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Displaying: 41-60 of 2974 documents


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41. Teaching Philosophy: Volume > 42 > Issue: 2
Karen Paul Markets without Limits, by Jason Brennan and Peter M. Jaworski
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42. Teaching Philosophy: Volume > 42 > Issue: 2
Kenneth E. Walden Aesthetics: A Reader in the Philosophy of the Arts, 4th edition, edited by David Goldblatt, Lee B. Brown, and Stephanie Patridge
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articles
43. Teaching Philosophy: Volume > 42 > Issue: 1
T. Ryan Byerly Teaching for Intellectual Virtue in Logic and Critical Thinking Classes: Why and How
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Introductory-level undergraduate classes in Logic or Critical Thinking are a staple in the portfolio of many Philosophy programs. A standard approach to these classes is to include teaching and learning activities focused on formal deductive and inductive logic, sometimes accompanied by teaching and learning activities focused on informal fallacies or argument construction. In this article, I discuss a proposal to include an additional element within these classes—namely, teaching and learning activities focused on intellectual virtues. After clarifying the proposal, I identify three reasons in favor of implementing it and I discuss how to implement it, focusing on questions about pedagogical strategies and pedagogical resources.
44. Teaching Philosophy: Volume > 42 > Issue: 1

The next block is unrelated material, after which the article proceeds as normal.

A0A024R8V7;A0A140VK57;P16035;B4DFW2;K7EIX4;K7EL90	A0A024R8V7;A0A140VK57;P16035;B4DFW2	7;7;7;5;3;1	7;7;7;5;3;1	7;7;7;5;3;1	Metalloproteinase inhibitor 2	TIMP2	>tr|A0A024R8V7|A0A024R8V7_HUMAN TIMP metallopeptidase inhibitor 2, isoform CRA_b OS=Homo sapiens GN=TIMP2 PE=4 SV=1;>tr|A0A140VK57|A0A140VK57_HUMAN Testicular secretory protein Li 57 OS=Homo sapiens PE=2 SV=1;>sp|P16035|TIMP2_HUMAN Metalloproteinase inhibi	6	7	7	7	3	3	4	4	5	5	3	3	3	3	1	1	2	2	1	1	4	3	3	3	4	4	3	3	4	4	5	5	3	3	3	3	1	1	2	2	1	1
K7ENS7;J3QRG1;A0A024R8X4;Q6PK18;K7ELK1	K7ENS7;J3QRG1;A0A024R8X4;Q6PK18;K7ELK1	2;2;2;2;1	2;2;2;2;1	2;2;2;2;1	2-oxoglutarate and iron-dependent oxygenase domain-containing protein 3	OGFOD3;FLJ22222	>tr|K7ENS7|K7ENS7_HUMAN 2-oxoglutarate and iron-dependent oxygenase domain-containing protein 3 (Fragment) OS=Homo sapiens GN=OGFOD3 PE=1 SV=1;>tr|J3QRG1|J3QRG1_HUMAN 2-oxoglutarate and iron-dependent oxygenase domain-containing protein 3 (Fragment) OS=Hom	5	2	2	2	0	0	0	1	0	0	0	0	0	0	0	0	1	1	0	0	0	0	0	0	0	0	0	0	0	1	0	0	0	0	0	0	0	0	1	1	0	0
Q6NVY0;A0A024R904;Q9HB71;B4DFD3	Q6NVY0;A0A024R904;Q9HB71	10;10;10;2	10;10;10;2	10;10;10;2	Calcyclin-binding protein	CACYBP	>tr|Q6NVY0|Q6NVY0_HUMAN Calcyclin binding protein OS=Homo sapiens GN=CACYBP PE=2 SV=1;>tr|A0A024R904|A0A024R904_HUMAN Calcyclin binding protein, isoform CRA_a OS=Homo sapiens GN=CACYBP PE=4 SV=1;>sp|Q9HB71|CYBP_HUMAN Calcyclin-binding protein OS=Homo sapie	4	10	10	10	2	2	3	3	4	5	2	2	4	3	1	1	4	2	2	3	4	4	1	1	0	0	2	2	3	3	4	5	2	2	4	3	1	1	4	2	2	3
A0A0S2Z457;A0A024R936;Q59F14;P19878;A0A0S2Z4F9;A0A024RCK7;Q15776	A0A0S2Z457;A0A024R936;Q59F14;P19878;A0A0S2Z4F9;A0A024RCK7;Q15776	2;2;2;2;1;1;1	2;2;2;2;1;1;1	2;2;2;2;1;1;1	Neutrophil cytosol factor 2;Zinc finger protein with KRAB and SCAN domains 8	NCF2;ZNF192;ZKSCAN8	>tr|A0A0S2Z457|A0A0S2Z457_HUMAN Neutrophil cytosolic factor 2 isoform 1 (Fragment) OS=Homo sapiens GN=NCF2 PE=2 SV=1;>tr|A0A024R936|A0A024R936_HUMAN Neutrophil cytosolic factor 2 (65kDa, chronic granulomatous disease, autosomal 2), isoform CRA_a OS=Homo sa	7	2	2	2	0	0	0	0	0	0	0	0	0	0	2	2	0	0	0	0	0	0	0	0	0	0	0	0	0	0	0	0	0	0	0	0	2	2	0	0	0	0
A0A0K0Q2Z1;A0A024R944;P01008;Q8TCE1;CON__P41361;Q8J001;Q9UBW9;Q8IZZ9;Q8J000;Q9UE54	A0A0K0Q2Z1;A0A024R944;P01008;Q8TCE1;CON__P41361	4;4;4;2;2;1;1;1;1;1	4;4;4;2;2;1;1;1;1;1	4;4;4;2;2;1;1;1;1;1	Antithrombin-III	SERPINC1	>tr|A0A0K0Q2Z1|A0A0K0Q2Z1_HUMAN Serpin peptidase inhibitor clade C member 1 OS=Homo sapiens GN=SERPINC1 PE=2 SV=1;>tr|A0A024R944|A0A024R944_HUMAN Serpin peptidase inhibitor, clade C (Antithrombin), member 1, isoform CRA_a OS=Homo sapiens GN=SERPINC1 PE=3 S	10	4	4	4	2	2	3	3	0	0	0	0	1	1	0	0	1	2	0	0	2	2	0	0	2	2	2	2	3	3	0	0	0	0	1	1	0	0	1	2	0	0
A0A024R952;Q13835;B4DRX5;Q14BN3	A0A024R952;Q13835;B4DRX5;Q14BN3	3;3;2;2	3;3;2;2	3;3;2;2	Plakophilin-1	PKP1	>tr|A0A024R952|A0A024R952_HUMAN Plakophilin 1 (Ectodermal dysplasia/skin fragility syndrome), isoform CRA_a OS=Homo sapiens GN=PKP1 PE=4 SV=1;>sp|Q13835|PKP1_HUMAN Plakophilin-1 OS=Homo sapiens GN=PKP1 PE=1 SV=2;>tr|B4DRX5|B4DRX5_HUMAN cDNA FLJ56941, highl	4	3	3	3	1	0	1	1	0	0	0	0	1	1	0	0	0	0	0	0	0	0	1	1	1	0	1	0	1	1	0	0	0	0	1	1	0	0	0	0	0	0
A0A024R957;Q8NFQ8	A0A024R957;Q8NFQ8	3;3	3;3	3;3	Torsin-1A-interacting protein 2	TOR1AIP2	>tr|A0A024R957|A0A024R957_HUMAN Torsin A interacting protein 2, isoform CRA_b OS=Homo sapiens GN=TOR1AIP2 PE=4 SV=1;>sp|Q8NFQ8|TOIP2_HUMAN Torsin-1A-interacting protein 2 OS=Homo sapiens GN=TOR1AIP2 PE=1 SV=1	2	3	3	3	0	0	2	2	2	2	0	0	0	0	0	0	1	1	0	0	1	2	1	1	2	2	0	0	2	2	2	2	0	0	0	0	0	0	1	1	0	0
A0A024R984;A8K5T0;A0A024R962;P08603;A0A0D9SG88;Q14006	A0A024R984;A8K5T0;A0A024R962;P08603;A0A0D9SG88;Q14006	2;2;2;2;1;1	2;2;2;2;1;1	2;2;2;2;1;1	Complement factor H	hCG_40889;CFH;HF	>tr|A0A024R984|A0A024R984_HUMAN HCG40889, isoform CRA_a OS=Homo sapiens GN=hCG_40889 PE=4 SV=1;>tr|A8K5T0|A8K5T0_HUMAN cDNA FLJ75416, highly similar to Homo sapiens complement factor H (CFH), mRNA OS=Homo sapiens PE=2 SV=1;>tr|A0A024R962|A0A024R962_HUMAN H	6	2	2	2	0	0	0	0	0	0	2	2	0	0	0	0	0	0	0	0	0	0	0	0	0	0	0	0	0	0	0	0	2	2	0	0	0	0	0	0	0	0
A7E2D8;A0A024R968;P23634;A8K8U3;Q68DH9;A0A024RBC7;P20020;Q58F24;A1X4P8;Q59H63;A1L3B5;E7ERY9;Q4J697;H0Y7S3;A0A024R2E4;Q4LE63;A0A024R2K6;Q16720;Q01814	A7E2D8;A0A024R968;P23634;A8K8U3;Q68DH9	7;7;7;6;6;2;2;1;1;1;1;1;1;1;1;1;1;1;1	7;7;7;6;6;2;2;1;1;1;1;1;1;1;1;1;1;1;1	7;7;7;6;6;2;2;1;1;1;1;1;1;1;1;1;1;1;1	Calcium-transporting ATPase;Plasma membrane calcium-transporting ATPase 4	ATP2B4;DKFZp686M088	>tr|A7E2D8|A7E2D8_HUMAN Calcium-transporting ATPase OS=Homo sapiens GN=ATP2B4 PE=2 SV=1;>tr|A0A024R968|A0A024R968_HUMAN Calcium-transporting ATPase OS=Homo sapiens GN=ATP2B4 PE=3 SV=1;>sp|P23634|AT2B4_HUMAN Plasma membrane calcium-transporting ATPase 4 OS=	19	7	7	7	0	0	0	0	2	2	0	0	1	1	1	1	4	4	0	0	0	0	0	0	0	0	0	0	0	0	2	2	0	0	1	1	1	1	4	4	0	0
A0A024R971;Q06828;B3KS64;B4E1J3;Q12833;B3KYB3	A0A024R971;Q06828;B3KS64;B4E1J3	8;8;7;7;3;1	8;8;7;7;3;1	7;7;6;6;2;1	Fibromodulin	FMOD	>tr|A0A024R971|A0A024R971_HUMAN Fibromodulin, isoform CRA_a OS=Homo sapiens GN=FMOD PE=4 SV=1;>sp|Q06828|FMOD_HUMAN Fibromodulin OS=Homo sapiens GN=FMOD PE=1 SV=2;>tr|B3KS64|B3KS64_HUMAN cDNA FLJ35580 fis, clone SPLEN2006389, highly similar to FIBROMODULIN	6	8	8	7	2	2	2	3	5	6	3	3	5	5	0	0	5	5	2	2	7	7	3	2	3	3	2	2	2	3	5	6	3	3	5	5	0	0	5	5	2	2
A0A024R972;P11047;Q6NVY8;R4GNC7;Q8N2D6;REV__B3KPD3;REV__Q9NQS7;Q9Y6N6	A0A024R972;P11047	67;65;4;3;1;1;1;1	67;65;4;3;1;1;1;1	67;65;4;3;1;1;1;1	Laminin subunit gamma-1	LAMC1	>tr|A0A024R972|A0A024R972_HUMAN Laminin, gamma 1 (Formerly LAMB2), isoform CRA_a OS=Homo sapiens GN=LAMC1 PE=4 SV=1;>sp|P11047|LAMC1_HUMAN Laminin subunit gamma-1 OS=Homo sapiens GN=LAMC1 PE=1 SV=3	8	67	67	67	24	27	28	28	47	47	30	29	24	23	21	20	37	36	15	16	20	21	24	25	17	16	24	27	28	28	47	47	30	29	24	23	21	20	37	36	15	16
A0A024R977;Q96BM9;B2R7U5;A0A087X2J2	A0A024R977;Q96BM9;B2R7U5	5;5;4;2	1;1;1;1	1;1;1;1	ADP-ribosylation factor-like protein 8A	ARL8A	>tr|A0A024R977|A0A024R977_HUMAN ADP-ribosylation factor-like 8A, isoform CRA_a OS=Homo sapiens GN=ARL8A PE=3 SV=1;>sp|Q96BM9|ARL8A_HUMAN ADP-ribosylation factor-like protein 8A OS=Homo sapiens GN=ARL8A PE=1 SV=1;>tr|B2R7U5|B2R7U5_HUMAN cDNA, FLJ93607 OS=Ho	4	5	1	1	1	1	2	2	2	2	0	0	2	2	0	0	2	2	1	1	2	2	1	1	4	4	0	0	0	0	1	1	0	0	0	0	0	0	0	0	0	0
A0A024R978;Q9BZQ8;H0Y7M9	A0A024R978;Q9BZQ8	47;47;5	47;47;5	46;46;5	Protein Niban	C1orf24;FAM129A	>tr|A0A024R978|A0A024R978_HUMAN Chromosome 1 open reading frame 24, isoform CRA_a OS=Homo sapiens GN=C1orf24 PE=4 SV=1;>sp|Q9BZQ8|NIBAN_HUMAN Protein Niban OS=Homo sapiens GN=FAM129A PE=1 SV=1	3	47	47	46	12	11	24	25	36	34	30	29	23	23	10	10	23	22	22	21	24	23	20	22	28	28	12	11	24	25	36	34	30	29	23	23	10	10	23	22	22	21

Daniel Collette Virtual Reality as Experiential Learning: A Case Study in Anxiety and Walking the Plank
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While the pedagogical benefits of experiential learning are well known, classroom technology is a more contentious topic. In my experience, philosophy instructors are hesitant to embrace technology in their pedagogy. A great deal of this trepidation is justified: when technology serves only to replicate existing methods without contributing to course objectives, it unnecessarily adds extra work for the instructor and can even be a distraction from learning. However, I believe, if applied appropriately, technology can be used to positively enhance the philosophy classroom experience in ways that are not possible in traditional classroom settings – including new ways of experiential learning. To demonstrate this, I offer a case study of implementing virtual reality (VR) as a tool for experiential learning of philosophy. I show how having students “walk a plank” off a skyscraper in VR allowed me to exceed my course objectives for my Existentialism course in particularly effective ways that I could not have done without this technology.
45. Teaching Philosophy: Volume > 42 > Issue: 1
Jesse Fitts, David Beisecker Two-Sided Trees for Sentential Logic, Predicate Logic, and Sentential Modal Logic
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This paper will present two contributions to teaching introductory logic. The first contribution is an alternative tree proof method that differs from the traditional one-sided tree method. The second contribution combines this tree system with an index system to produce a user-friendly tree method for sentential modal logic.
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46. Teaching Philosophy: Volume > 42 > Issue: 1